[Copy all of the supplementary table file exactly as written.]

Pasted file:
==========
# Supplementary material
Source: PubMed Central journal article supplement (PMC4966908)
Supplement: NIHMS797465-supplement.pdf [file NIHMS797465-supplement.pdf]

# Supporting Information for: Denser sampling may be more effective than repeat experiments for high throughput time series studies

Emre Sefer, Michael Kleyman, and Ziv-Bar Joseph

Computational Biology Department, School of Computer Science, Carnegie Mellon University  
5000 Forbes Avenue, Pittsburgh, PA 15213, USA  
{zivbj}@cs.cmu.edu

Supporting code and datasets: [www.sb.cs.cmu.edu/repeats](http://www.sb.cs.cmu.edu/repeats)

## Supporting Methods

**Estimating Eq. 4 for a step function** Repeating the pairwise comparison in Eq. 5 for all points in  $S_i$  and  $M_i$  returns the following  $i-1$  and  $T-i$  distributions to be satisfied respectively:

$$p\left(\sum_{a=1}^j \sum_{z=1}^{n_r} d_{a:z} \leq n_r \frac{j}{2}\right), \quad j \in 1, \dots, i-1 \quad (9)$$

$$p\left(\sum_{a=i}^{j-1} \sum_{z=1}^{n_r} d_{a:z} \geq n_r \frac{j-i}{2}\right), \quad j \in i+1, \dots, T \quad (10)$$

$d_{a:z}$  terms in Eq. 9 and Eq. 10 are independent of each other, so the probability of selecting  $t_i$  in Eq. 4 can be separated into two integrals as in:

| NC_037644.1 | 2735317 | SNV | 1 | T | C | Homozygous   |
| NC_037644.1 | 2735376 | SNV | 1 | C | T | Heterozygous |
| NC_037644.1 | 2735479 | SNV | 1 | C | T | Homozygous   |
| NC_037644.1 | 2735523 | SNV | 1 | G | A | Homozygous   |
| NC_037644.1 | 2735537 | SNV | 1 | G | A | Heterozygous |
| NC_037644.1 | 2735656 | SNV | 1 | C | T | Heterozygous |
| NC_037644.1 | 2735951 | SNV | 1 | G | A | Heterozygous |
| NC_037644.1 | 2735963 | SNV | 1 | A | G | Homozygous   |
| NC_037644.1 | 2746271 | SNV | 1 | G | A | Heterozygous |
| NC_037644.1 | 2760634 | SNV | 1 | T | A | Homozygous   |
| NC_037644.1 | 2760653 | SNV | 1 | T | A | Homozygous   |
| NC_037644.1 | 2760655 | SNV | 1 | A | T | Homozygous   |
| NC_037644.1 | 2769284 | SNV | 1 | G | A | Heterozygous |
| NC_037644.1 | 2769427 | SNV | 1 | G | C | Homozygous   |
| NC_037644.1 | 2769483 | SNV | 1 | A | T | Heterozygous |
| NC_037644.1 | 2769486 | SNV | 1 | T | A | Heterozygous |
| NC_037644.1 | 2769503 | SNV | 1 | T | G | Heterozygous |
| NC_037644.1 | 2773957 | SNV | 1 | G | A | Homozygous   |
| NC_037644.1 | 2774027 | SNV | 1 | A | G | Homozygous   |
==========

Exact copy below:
# Supplementary material
Source: PubMed Central journal article supplement (PMC4966908)
Supplement: NIHMS797465-supplement.pdf [file NIHMS797465-supplement.pdf]

# Supporting Information for: Denser sampling may be more effective than repeat experiments for high throughput time series studies

Emre Sefer, Michael Kleyman, and Ziv-Bar Joseph

Computational Biology Department, School of Computer Science, Carnegie Mellon University  
5000 Forbes Avenue, Pittsburgh, PA 15213, USA  
{zivbj}@cs.cmu.edu

Supporting code and datasets: [www.sb.cs.cmu.edu/repeats](http://www.sb.cs.cmu.edu/repeats)

## Supporting Methods

**Estimating Eq. 4 for a step function** Repeating the pairwise comparison in Eq. 5 for all points in  $S_i$  and  $M_i$  returns the following  $i-1$  and  $T-i$  distributions to be satisfied respectively:

$$p\left(\sum_{a=1}^j \sum_{z=1}^{n_r} d_{a:z} \leq n_r \frac{j}{2}\right), \quad j \in 1, \dots, i-1 \quad (9)$$

$$p\left(\sum_{a=i}^{j-1} \sum_{z=1}^{n_r} d_{a:z} \geq n_r \frac{j-i}{2}\right), \quad j \in i+1, \dots, T \quad (10)$$

$d_{a:z}$  terms in Eq. 9 and Eq. 10 are independent of each other, so the probability of selecting  $t_i$  in Eq. 4 can be separated into two integrals as in:

| NC_037644.1 | 2735317 | SNV | 1 | T | C | Homozygous   |
| NC_037644.1 | 2735376 | SNV | 1 | C | T | Heterozygous |
| NC_037644.1 | 2735479 | SNV | 1 | C | T | Homozygous   |
| NC_037644.1 | 2735523 | SNV | 1 | G | A | Homozygous   |
| NC_037644.1 | 2735537 | SNV | 1 | G | A | Heterozygous |
| NC_037644.1 | 2735656 | SNV | 1 | C | T | Heterozygous |
| NC_037644.1 | 2735951 | SNV | 1 | G | A | Heterozygous |
| NC_037644.1 | 2735963 | SNV | 1 | A | G | Homozygous   |
| NC_037644.1 | 2746271 | SNV | 1 | G | A | Heterozygous |
| NC_037644.1 | 2760634 | SNV | 1 | T | A | Homozygous   |
| NC_037644.1 | 2760653 | SNV | 1 | T | A | Homozygous   |
| NC_037644.1 | 2760655 | SNV | 1 | A | T | Homozygous   |
| NC_037644.1 | 2769284 | SNV | 1 | G | A | Heterozygous |
| NC_037644.1 | 2769427 | SNV | 1 | G | C | Homozygous   |
| NC_037644.1 | 2769483 | SNV | 1 | A | T | Heterozygous |
| NC_037644.1 | 2769486 | SNV | 1 | T | A | Heterozygous |
| NC_037644.1 | 2769503 | SNV | 1 | T | G | Heterozygous |
| NC_037644.1 | 2773957 | SNV | 1 | G | A | Homozygous   |
| NC_037644.1 | 2774027 | SNV | 1 | A | G | Homozygous   |